Jacksonville's newly elected Public Defender, Matt Shirk, is shaking up Duval county by firing 10 of the office's most experienced defense attorneys. The firings are ostensibly brought on by budgetary concerns, as Chief Circuit Judge Donald Moran noted in the Florida Times-Union that Shirk would likely be able to hire two or three young lawyers for the price of each seasoned professional.
But the very real concern is that Shirk might be sacrificing quality for quantity. Many of these public defenders, with over 300 years' combined experience, were "superstars," says the Times-Union. With the talent gone, "the legal community expressed concern about the quality of legal services the office will be able to provide and the appellate cost to the public." In fact, these lawyers are of such a high caliber, says the same paper, that
At first blush, the criterion for recent personnel cuts... appears to be notable success defending criminally accused people who are too poor to hire their own lawyers.
The list of 10 lawyers fired by Shirk - who defeated incumbent Bill White on Nov. 4 - reads like a who's who of the Jacksonville-based office's stars.
The JaxPolitics blog notes that the impending personnel shortage is not local to Florida:
In addition, many Public Defenders Offices throughout the nation are now overloaded with cases and have serious funding issues that must be addressed. Currently, public defenders in 7 states (including Florida) are either refusing to take on new cases or have filed lawsuits due to overburdened case loads which prevent them from providing effective assistance of counsel.
Says the Times-Union, for example "the office had eight lawyers qualified by the state to try death penalty cases; the firings leave three, and two of those are assigned to Clay and Nassau counties." The firings are making a bad situation worse, first by firing the most talented professionals employed by the county, and secondly leaving the remaining lawyers stretched too thin. Add to that that Jacksonville is the murder capital of Florida, and you've got a recipe for chronic inadequacy.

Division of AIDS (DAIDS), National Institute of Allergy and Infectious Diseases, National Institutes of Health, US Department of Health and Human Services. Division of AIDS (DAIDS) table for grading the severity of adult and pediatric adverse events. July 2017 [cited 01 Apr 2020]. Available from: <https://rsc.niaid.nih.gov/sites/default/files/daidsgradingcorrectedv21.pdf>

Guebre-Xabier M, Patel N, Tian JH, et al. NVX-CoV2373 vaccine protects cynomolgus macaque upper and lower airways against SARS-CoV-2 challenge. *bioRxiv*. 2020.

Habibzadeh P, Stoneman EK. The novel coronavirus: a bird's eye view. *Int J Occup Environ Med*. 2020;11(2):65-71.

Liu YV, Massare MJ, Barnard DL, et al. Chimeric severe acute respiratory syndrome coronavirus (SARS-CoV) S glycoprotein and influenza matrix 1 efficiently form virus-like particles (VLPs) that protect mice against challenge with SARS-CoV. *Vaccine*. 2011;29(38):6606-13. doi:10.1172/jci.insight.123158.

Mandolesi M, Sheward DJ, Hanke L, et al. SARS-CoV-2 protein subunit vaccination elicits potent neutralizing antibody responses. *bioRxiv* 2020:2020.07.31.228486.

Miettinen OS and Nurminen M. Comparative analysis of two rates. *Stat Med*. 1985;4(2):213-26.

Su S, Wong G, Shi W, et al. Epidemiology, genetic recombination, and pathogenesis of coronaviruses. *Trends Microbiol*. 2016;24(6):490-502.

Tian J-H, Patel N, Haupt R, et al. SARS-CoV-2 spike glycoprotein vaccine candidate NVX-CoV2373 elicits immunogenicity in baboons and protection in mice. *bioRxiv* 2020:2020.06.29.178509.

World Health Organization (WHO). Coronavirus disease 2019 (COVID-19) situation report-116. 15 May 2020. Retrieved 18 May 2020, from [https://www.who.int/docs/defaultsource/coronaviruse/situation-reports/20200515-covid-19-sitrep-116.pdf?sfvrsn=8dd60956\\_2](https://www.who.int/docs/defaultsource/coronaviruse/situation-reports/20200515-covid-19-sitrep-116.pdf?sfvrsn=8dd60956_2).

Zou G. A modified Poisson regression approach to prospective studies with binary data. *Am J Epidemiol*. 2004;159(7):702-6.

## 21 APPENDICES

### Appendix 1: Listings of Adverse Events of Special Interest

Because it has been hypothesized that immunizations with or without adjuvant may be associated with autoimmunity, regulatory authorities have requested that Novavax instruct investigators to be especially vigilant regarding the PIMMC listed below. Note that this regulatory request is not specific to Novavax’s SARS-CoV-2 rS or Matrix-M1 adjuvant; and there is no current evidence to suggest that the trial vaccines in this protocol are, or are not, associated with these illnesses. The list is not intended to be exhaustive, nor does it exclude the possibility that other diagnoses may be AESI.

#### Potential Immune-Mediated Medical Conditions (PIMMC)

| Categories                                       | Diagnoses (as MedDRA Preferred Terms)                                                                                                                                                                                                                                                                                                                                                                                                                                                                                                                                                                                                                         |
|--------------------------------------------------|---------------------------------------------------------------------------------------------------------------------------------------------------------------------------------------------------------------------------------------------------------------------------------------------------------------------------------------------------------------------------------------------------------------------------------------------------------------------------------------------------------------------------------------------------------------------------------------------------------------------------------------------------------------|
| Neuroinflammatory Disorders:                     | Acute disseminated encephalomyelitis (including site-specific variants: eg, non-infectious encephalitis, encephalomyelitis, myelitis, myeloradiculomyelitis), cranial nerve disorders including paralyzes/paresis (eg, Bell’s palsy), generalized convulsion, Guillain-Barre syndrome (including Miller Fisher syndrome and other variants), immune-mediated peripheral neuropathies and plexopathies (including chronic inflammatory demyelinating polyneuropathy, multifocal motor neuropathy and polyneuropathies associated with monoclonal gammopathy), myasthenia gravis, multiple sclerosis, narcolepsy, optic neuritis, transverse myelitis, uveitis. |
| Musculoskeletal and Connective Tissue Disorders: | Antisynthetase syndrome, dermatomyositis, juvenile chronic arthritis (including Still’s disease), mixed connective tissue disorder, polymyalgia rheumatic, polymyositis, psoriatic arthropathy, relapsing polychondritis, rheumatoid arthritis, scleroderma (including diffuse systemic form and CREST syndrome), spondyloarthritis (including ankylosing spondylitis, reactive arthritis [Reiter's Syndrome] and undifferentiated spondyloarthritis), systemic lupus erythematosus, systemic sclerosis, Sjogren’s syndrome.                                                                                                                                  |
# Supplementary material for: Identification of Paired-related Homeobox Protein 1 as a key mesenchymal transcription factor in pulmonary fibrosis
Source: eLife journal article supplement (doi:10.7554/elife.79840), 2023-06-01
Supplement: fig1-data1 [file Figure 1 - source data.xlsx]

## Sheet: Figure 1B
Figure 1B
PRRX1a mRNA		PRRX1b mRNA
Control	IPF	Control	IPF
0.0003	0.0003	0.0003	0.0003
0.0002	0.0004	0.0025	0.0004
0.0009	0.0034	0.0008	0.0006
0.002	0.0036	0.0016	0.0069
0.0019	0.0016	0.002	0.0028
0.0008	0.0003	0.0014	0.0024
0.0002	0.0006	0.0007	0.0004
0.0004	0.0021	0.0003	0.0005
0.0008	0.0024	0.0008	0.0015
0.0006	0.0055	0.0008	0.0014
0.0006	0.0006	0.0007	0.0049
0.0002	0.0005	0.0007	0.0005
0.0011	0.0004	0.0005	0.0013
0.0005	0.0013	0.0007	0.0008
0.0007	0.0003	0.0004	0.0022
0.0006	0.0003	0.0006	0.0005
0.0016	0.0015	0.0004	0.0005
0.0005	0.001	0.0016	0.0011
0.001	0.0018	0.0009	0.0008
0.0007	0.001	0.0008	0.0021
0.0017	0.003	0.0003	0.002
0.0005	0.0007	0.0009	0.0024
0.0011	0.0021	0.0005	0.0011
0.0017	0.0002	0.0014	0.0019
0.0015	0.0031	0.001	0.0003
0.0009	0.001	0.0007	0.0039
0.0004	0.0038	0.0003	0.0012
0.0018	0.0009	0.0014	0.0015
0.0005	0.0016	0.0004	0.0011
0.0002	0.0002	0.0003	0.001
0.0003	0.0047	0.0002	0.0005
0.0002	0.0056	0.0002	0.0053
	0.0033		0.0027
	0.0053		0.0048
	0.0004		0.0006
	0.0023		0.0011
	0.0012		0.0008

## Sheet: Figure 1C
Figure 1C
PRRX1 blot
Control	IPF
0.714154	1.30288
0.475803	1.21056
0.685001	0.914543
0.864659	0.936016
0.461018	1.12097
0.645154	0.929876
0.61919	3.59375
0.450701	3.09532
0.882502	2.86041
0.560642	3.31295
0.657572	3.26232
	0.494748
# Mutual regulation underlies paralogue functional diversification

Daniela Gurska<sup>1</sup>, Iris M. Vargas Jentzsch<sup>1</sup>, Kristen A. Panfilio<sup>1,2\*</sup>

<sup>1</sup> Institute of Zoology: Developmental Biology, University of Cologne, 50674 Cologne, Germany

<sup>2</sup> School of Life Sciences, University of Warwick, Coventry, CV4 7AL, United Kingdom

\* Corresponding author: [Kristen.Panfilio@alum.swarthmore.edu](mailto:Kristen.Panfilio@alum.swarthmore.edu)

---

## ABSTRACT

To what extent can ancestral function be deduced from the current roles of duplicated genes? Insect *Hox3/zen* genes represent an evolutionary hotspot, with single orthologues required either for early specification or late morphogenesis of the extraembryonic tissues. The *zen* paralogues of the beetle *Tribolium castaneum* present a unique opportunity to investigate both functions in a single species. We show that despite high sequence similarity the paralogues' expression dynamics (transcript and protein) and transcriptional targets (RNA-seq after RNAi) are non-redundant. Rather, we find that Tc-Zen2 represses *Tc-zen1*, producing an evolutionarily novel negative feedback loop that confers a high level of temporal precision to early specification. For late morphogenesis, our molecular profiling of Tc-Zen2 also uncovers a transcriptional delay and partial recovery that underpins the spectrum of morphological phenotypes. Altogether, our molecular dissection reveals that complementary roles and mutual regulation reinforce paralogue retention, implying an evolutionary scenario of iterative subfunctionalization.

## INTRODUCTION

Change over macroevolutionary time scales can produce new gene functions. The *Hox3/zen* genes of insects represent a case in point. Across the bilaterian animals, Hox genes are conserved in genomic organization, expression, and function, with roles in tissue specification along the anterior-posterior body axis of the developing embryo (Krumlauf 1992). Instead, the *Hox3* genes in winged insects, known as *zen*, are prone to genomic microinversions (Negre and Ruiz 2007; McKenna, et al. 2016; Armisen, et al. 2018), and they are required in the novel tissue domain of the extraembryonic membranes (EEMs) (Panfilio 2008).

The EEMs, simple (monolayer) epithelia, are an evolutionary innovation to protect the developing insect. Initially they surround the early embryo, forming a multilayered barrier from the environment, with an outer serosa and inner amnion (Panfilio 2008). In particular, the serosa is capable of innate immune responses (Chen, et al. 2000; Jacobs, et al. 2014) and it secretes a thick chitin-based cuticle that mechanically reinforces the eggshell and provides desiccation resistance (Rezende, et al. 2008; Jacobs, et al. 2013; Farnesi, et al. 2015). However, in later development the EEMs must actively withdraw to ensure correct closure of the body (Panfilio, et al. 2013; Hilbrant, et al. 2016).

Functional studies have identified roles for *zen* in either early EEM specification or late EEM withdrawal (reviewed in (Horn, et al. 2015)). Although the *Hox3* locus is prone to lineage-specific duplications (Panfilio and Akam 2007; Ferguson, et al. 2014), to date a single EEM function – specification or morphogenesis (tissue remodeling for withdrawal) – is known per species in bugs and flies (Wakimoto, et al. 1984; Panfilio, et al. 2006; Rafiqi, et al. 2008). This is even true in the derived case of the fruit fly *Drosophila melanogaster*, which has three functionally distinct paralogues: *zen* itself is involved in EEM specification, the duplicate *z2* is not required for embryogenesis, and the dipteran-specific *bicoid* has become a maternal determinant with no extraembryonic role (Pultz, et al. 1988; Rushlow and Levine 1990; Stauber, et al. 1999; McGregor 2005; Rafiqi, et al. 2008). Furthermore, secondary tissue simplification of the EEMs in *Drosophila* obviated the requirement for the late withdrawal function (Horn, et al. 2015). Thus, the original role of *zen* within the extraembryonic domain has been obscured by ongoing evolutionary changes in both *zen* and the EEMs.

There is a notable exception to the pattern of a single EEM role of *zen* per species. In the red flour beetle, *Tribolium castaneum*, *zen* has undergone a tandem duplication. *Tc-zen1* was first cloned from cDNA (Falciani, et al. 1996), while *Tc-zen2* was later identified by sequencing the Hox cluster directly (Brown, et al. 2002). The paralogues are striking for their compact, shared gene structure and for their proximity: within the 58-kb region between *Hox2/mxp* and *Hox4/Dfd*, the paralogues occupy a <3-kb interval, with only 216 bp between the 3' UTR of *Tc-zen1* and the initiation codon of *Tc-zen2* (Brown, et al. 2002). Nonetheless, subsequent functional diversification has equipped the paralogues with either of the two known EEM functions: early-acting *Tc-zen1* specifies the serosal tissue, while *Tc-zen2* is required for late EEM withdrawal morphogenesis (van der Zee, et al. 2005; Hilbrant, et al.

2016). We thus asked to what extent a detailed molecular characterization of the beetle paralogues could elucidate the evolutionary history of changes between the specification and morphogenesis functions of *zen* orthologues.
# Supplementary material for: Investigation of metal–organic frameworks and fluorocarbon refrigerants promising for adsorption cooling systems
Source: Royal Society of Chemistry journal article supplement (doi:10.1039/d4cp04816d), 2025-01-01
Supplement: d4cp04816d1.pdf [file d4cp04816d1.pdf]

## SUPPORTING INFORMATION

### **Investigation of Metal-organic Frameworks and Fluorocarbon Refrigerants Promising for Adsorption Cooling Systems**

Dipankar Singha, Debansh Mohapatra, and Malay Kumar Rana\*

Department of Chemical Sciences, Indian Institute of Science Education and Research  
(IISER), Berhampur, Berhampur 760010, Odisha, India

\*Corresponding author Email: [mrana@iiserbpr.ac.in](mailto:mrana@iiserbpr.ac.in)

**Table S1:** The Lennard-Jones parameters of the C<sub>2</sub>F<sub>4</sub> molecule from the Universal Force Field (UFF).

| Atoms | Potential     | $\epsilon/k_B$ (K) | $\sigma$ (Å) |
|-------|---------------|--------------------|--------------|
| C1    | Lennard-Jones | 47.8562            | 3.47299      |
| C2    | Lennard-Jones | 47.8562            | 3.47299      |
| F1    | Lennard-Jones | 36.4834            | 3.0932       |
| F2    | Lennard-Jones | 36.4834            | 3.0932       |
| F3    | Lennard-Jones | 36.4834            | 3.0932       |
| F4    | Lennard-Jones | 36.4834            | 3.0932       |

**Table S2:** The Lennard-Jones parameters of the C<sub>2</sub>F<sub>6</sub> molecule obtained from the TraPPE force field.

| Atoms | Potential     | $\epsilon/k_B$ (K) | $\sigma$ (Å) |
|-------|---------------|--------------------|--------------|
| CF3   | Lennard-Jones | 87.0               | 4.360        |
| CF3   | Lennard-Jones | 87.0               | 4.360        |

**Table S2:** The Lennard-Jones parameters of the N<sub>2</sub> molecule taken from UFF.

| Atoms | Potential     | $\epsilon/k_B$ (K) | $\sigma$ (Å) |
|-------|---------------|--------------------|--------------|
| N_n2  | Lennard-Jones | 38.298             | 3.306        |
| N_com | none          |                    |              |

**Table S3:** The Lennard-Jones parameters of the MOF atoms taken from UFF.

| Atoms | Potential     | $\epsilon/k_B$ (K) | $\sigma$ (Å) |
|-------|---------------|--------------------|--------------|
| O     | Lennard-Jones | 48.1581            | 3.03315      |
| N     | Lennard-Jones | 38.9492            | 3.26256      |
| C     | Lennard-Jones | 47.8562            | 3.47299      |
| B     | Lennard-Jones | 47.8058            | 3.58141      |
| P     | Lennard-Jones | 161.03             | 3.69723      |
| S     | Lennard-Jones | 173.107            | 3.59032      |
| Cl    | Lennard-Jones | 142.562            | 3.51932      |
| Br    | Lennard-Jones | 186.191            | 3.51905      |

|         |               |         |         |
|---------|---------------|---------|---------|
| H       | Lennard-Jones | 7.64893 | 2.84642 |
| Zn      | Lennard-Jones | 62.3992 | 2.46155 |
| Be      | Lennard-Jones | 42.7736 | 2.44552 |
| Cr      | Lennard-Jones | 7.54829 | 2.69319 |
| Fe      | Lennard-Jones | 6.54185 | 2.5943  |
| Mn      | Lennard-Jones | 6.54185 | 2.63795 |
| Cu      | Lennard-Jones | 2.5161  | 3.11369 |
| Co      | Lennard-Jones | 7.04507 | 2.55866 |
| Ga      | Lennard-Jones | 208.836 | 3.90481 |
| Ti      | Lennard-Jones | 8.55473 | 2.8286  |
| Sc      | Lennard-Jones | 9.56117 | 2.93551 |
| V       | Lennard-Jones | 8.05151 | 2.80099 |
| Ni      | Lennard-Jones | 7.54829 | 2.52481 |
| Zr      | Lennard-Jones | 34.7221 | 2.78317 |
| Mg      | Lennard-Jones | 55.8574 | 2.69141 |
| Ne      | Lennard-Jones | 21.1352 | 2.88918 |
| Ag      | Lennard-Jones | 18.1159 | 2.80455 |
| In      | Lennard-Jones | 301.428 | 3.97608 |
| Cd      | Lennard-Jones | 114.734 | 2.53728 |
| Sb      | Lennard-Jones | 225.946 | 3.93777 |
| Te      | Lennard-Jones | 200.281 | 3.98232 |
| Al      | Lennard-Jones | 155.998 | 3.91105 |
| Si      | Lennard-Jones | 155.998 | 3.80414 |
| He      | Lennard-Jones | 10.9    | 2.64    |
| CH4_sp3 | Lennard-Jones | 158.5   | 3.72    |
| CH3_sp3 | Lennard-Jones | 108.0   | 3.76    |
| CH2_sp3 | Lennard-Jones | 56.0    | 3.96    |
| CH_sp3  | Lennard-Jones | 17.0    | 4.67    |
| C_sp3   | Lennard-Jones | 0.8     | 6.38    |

Two of the defenders who are being forced out, Ann Finnell and Patrick McGuinness, were the subjects of the 2001 Oscar-winning HBO documentary Murder on a Sunday Morning, which told how the Jacksonville Police Department had wrongly accused 15-year-old Brenton Butler of a murder and obtained a false confession by beating him senseless during an interrogation.
The Butler episode calls into higher relief the point that the work of experienced defense attorneys may be the only thing that stands in the way of innocent people being convicted. Were it not for the talents of Finnell and McGuiness, Brenton Butler may have been wrongly convicted.
It makes sense that freeing up money would mean letting go of the most experienced defenders in Duval county. But the Times-Union hypothesizes that Shirk's motives might have been in part to weaken the ability of the county to offer competent defense, or even to punish the most pugnacious defenders that the county had on its payroll. "[McGuinness] also blamed Shirk's endorsement by the police union," they report, "noting several of the lawyers let go were among the most aggressive at questioning officers in court."
Shelly Eckles, one of the "Jacksonville 10," notes she was never interviewed by Shirk, and says she was never disciplined during her tenure at the PD's office, leaving no obvious personality or professional reason for the firing. Mark Woods of the Times-Union recently wrote an article on another one of the doomed, Alan Chipperfield. Woods noted, "Some believe it's politics. Shirk has insisted the reason for the change is money. Chipperfield's salary is $134,000. And while that sounds good to most of us, one thing is certain: Chipperfield could have made more in the private sector."
Many of these defenders, like Chipperfield, took pay cuts when they moved from private practice to the PD. Odd, then, that they were summarily fired when they have previously demonstrated that they are willing to make less money if it means doing the right thing and doing it well. If budgetary concerns were Shirk's sole motivation, he could have asked some of them to take a pay cut while maintaining the viability of the Jacksonville PD's office, but the case of Shelly Eckles shows that that was not Shirk's real motive.
The JaxPolitics blog thinks the problem might be more serious than a politicized department. This situation might have implications for Florida's system of electing Public Defenders as a whole, says the author:
Let’s be honest. How many of us regular folks who aren’t involved in the justice system, are willing to support someone in an elected office who will strongly fight for the rights of an accused person? How many of us are willing to put our votes behind spending money to defend murderers and drug dealers? As evidenced by the recent election in Jacksonville, evidently not enough of us. Yet, with an elected Public Defender the integrity of our justice system requires us to do just that if we are to maintain a healthy legal system.
Meanwhile, those who will not be returning to their offices on January 6th have placed pictures of the Black Spot on their office doors, a reference to the mythical pirate code for being doomed to execution, and a gesture of defiance and unity.
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